“When Fear & Joy Hold Hands”
The resurrection of Jesus is “when joy and fear hold hands.” That is from Greg Carey, New Testament scholar. “When joy and fear hold hands.” What is that? It’s not too hard to identify the fear in Matthew’s resurrection story. The Marys go to the tomb and immediately we hear several frightening things: earthquake, angel crashing down, rolling away big rock. May it be noted that the guards who were men faint but the women keep their wits about them. They appear ready for just about anything, including taking action. The women follow the angel’s instructions to go and tell the disciples that Jesus is no longer dead but has been raised.
Apparently Matthew is fond of earthquakes when it comes to apocalyptic revelations including the Easter mystery. Seismic movements resonate with us differently on the West Coast. They certainly elicit fear and anticipation of potential disaster. For Matthew seismic events can be holy, eliciting both the fear of creation breaking apart and also God doing something new and joyful. In the tension between fear and joy something new is born. Maybe like the disciples we need a bit of fear for us to sit up straight and listen.
We are no strangers to fear, but it’s the joy part we are less good at. We are bombarded with fears about the climate crisis, about war in the Ukraine and beyond, about the housing, health, and opioid crisis. Fear about acceptance of trans people and fear of people due to racism. Fear that a world that at times we thought was progressing and getting better is slipping from our fingers. And yet God is no stranger to combining fear with joy. That old ways of doing things need to die in order for new ways to come to life. There was nothing gentle about Jesus’ betrayal and death. As we journeyed through the three days of Maundy Thursday, Good Friday, and the Easter Vigil, we can trace an arc that maintains this tension between fear and joy.
On Maundy Thursday Jesus gathers with his disciples for the last supper and despite his betrayal he gives them a new commandment of love and he washes their feet. Jesus continues to model community service even though his life is threatened.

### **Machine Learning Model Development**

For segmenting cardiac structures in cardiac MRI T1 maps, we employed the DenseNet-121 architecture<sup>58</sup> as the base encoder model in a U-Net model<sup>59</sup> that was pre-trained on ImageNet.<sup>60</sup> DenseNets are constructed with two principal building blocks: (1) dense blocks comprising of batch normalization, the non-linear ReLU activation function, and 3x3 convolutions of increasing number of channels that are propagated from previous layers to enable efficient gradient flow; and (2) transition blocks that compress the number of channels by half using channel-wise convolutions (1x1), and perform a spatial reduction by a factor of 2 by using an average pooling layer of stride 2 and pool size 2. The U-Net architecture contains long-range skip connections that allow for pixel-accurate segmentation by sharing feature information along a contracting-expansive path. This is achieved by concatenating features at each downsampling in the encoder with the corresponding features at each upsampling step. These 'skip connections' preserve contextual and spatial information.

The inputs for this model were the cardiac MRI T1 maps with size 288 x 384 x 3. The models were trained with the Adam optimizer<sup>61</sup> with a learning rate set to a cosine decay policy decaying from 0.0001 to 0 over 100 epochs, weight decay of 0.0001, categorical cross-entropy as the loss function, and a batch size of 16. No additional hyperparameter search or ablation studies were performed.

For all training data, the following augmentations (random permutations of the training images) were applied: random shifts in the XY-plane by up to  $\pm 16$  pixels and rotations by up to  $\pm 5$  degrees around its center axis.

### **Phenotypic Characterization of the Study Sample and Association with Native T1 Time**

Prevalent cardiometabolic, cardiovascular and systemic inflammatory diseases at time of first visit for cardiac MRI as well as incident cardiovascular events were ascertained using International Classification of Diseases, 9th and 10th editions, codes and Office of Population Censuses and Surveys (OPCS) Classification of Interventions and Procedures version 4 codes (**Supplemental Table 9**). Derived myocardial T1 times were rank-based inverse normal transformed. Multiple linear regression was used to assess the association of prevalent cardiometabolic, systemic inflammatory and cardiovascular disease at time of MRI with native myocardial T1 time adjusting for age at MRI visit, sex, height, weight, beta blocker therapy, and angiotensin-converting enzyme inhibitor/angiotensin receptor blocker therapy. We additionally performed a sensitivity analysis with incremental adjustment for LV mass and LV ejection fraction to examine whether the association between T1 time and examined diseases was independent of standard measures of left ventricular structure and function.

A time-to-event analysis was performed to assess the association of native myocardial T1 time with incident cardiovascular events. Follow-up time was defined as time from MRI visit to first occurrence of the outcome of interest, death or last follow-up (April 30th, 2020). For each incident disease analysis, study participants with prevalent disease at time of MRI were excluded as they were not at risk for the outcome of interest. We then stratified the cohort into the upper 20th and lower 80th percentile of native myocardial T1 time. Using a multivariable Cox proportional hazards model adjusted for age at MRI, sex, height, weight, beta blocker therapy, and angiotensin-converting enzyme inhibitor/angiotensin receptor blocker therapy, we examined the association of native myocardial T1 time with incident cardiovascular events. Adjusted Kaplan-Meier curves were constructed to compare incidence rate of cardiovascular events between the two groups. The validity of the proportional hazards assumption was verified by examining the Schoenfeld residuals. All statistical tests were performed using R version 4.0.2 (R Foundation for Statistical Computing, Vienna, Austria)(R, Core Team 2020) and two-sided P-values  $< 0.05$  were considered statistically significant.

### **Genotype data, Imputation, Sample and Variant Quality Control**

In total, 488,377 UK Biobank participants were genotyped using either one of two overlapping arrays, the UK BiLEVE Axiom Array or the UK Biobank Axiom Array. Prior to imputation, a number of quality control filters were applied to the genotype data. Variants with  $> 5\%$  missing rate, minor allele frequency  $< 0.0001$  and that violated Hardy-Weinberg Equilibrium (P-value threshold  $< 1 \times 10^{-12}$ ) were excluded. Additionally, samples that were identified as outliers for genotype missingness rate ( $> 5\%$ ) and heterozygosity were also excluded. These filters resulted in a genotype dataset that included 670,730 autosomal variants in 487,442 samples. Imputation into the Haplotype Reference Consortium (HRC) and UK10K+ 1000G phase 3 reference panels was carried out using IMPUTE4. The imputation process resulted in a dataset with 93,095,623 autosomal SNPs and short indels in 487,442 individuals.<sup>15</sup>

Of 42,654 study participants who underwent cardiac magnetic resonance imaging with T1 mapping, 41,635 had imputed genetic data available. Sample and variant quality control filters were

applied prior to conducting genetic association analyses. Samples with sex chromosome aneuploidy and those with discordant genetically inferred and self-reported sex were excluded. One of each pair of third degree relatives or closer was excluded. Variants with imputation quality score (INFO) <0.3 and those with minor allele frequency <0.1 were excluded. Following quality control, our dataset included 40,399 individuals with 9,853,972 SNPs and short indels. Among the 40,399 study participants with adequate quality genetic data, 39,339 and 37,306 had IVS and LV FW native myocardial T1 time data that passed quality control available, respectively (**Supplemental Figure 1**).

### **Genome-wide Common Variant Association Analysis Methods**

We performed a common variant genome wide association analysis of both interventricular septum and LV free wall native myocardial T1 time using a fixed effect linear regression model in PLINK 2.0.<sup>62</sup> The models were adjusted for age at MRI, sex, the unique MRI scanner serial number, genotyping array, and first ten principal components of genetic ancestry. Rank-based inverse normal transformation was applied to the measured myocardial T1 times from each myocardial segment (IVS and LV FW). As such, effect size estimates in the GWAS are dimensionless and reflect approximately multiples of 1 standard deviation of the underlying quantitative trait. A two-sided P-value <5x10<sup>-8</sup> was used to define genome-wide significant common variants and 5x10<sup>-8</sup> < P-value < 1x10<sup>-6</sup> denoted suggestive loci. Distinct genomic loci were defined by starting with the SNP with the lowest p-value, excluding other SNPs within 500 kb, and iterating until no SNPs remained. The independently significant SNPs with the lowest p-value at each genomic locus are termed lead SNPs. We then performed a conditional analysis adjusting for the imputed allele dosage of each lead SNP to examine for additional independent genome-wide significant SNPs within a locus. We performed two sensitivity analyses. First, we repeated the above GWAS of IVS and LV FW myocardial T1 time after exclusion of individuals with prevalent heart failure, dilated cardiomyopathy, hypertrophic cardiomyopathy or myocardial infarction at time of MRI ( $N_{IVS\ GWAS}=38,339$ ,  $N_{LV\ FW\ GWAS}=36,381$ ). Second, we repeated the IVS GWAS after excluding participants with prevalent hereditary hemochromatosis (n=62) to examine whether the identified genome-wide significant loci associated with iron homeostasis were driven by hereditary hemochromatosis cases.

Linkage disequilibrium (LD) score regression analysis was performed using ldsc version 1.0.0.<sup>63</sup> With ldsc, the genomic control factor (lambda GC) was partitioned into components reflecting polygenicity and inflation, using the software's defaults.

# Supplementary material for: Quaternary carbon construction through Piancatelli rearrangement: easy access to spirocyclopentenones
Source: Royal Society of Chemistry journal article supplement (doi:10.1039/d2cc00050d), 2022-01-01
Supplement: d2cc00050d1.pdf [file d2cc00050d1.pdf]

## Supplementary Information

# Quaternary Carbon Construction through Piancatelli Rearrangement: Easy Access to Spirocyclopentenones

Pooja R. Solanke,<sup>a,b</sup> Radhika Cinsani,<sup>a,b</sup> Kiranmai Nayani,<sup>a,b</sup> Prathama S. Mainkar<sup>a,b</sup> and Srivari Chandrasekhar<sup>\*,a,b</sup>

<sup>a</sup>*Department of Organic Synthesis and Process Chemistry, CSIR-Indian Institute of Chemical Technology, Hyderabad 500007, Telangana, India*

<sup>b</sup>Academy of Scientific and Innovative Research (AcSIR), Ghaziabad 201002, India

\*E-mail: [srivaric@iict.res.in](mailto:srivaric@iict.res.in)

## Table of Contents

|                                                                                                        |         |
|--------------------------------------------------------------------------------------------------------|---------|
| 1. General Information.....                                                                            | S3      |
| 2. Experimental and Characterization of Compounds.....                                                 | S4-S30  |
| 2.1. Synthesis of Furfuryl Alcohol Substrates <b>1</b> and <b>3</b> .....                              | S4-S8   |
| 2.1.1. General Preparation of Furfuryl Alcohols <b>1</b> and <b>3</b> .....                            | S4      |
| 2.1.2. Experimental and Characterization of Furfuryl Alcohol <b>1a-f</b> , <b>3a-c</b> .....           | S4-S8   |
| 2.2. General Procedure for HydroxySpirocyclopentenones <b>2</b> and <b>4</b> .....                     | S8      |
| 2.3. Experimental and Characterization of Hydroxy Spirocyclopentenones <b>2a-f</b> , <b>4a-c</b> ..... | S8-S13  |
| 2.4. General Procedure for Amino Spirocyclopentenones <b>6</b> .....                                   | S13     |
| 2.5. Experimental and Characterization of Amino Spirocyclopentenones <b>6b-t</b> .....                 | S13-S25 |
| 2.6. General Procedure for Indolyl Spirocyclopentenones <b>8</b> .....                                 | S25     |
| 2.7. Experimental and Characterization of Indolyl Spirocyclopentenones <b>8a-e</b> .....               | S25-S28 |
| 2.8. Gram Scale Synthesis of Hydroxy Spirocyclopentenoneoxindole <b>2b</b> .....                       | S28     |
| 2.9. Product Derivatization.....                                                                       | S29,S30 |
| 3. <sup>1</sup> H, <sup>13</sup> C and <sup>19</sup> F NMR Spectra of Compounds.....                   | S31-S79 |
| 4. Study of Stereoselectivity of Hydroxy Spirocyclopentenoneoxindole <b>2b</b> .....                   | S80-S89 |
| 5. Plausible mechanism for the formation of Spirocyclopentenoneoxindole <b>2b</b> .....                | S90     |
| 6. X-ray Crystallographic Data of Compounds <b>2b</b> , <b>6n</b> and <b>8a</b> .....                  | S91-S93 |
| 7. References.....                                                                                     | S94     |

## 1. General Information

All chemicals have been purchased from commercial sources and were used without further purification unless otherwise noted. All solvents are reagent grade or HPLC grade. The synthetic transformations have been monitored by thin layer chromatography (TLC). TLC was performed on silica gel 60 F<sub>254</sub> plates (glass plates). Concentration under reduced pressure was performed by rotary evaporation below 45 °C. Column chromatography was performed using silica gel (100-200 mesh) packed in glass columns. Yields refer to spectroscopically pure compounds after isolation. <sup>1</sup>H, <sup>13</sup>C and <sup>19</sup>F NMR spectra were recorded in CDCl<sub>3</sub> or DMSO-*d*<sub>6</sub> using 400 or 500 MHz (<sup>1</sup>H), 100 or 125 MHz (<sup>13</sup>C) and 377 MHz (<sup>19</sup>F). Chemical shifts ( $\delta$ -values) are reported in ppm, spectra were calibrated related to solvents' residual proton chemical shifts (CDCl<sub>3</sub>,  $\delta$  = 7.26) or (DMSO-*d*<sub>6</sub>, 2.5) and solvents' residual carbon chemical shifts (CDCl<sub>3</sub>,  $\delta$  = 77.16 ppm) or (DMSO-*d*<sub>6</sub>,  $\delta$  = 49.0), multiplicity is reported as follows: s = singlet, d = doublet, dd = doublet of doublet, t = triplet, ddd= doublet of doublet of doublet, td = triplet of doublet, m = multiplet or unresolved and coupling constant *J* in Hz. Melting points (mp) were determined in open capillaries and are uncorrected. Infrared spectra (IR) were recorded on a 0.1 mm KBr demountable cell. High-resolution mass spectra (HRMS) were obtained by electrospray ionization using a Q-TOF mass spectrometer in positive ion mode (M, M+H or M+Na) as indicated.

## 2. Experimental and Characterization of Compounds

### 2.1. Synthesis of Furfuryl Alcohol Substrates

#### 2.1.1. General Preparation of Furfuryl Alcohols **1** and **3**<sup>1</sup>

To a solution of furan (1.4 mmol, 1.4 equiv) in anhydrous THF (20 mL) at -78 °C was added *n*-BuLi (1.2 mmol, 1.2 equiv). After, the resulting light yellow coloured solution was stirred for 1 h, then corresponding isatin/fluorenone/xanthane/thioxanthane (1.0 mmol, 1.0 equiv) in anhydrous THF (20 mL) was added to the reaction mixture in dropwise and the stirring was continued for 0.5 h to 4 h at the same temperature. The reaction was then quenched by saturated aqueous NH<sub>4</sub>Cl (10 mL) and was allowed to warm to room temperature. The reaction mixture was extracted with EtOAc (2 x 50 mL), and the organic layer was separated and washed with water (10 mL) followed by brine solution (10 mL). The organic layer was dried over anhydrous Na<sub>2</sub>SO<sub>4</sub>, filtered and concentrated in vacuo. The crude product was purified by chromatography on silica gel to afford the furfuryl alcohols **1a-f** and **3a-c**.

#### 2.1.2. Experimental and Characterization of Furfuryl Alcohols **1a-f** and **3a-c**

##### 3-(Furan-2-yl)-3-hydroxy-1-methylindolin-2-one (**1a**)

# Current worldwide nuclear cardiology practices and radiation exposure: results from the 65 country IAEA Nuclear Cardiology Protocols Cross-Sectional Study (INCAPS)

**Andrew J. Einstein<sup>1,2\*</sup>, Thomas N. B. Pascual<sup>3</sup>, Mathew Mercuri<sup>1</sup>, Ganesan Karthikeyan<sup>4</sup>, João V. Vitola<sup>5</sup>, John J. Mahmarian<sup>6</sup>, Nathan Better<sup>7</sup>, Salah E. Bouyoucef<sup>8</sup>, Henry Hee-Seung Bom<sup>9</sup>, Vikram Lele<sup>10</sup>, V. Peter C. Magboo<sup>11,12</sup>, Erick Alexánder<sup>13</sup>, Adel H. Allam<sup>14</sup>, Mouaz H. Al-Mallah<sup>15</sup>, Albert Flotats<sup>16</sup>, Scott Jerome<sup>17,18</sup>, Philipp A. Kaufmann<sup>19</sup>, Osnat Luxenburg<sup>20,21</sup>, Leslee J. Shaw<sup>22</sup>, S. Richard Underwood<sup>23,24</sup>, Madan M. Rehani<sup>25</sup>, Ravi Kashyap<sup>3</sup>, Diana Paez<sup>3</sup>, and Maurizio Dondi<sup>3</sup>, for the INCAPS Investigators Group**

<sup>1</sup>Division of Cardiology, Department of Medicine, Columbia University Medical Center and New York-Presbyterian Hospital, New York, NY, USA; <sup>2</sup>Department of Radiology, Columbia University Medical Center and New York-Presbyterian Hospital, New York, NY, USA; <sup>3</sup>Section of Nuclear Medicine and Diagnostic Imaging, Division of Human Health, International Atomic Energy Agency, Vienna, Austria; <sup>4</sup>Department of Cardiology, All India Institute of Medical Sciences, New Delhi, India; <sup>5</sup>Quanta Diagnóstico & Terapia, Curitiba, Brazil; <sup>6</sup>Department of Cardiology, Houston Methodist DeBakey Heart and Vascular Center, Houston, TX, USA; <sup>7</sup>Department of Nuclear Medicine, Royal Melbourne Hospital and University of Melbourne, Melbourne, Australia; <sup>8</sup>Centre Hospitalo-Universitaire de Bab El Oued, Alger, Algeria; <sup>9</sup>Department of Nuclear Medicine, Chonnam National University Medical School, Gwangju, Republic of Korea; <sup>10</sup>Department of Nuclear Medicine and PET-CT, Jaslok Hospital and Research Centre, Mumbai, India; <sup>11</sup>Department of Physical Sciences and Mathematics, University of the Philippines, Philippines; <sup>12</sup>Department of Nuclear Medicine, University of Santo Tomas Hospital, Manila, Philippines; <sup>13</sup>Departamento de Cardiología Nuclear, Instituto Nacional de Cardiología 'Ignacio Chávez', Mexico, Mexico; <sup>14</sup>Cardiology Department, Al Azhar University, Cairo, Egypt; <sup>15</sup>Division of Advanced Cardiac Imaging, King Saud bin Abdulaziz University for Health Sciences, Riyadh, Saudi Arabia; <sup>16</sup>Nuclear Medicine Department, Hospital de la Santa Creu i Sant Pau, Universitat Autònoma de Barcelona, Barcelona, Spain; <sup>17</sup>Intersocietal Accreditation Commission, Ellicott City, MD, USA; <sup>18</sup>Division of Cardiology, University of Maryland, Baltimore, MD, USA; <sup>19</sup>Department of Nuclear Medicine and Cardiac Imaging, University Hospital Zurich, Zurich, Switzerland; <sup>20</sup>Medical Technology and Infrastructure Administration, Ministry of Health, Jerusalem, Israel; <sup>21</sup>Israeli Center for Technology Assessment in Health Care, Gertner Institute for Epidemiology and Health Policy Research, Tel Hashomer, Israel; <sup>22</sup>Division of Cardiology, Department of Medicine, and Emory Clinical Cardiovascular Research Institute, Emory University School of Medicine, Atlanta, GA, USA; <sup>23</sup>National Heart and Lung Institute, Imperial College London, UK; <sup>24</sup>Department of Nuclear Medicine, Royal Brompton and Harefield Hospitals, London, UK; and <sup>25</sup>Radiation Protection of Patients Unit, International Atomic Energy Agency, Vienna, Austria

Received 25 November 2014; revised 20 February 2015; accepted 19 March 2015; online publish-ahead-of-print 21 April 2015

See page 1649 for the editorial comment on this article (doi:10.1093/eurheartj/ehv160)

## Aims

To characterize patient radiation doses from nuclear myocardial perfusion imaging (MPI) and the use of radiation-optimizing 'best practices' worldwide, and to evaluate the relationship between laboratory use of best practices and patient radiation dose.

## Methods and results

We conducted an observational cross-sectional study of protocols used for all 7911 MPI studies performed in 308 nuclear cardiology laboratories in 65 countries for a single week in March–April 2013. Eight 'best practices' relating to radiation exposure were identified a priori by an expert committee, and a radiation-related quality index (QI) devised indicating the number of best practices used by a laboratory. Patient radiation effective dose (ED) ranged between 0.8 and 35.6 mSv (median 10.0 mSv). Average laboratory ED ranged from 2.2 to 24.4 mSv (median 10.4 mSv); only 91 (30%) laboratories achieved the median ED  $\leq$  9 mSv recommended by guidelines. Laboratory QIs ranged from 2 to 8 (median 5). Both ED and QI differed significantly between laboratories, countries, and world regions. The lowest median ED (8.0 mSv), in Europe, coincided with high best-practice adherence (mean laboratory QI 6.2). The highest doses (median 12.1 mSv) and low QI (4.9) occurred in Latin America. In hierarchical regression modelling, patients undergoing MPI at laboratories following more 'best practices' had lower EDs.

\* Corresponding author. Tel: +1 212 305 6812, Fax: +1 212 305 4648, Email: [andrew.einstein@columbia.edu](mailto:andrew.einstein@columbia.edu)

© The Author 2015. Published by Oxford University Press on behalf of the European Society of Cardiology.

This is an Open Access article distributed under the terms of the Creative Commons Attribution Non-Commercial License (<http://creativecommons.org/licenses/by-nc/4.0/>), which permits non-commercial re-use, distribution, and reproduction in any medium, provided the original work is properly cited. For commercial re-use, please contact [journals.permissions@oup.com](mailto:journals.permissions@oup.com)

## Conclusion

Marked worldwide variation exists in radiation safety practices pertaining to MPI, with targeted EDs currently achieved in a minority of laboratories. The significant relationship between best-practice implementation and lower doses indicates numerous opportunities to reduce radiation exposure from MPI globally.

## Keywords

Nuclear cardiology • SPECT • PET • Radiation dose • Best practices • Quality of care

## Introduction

On Good Friday we have the dialogues between Jesus and Pontius Pilate for example. Pilate tries threatening Jesus with authority but Jesus isn’t having it. Jesus plainly tells Pilate he has no power that wasn’t given him by God. Arrest and the threat of state execution do not deter Jesus from his task at hand. The purpose of proclaiming the Passion of Jesus is not to celebrate suffering and death, but rather to recognize that God undergoes suffering and death by human hands in order to bring about the liberation of all creation. It’s not really surprising that Peter denies Jesus three times. He’s afraid the same thing will happen to him that happened to Jesus if he doesn’t run away. And really how many of us would act any differently than Peter?
That story doesn’t end on the cross. Instead we hear about a holy seismic event in which God breaks apart all the forces that killed Jesus: endless pursuit of wealth, state violence, the lure of power, all the things that lead away from God’s love. The earthquake and the angel rolling away the stone awakens the Marys to realize that God is doing something new. Something unimaginable. Something filled with joy.
Greg Carey elaborates, “Remarkably, the combined experience of fear and joy propels the two Marys to run and tell the other disciples. On the way they encounter the risen Jesus, who commands them to do precisely what they were already about to do. Fear, on its own, provides poor motivation for obedience. But joy, properly guided, makes us run to tell the story.”
In what ways are we already running to tell the story at Church of the Cross? It is the joy of kids flourishing in Sunday School and confirmation. It is the joy of seniors at Perk Me Up and the iPad group. The joy of Women in Faith and the recent breakfast gatherings.
It is the joy of standing with Indigenous neighbours at the Native Friendship Centre, at the legislature, and on Wet’suwet’en territory in the fight for land back and keeping promises.
It is the joy of the Shelbourne Community Kitchen celebrating how far they’ve come helping address food insecurity of neighbours with the help of community partners, including Church of the Cross.
It is the joy of hearing about refugee families flourishing in Greater Victoria and beyond beginning a new life as next door neighbours.
In different ways each of us running to tell the Easter story. Trust in the story you’ve been given to tell. And it’s okay that stories of joy are also joined by moments of fear. A joy that is for us, especially if we are mourning the death of a loved one, saddened by chronic illness for ourselves or loved ones, or struggling with employment, finances, or addictions. Part of the Easter joy is a realization that God’s joy triumphs over fear.
On Wednesday evening I had the privilege of co-delivering the commissioning and blessing for two interns, two campus connectors, and seven graduating students at Inclusive Christians at the Multifaith Centre at UVic. It was a gathering of chaos and joy. It is a testimony to the kind of joyful Christian community we want to see flourishing on campus and as these followers of Jesus go off and share their gifts and joy wherever they go. These aren’t just future leaders in the church. These are current leaders. And as they encounter their own struggles in an uncertain world, we rejoice with them. It is a joy to see Inclusive Christians, the only queer-affirming Christian group on campus flourish.
Wrapping up, may fear and joy hold hands. May they hold our hands and fill us with God’s love this Easter. Amen.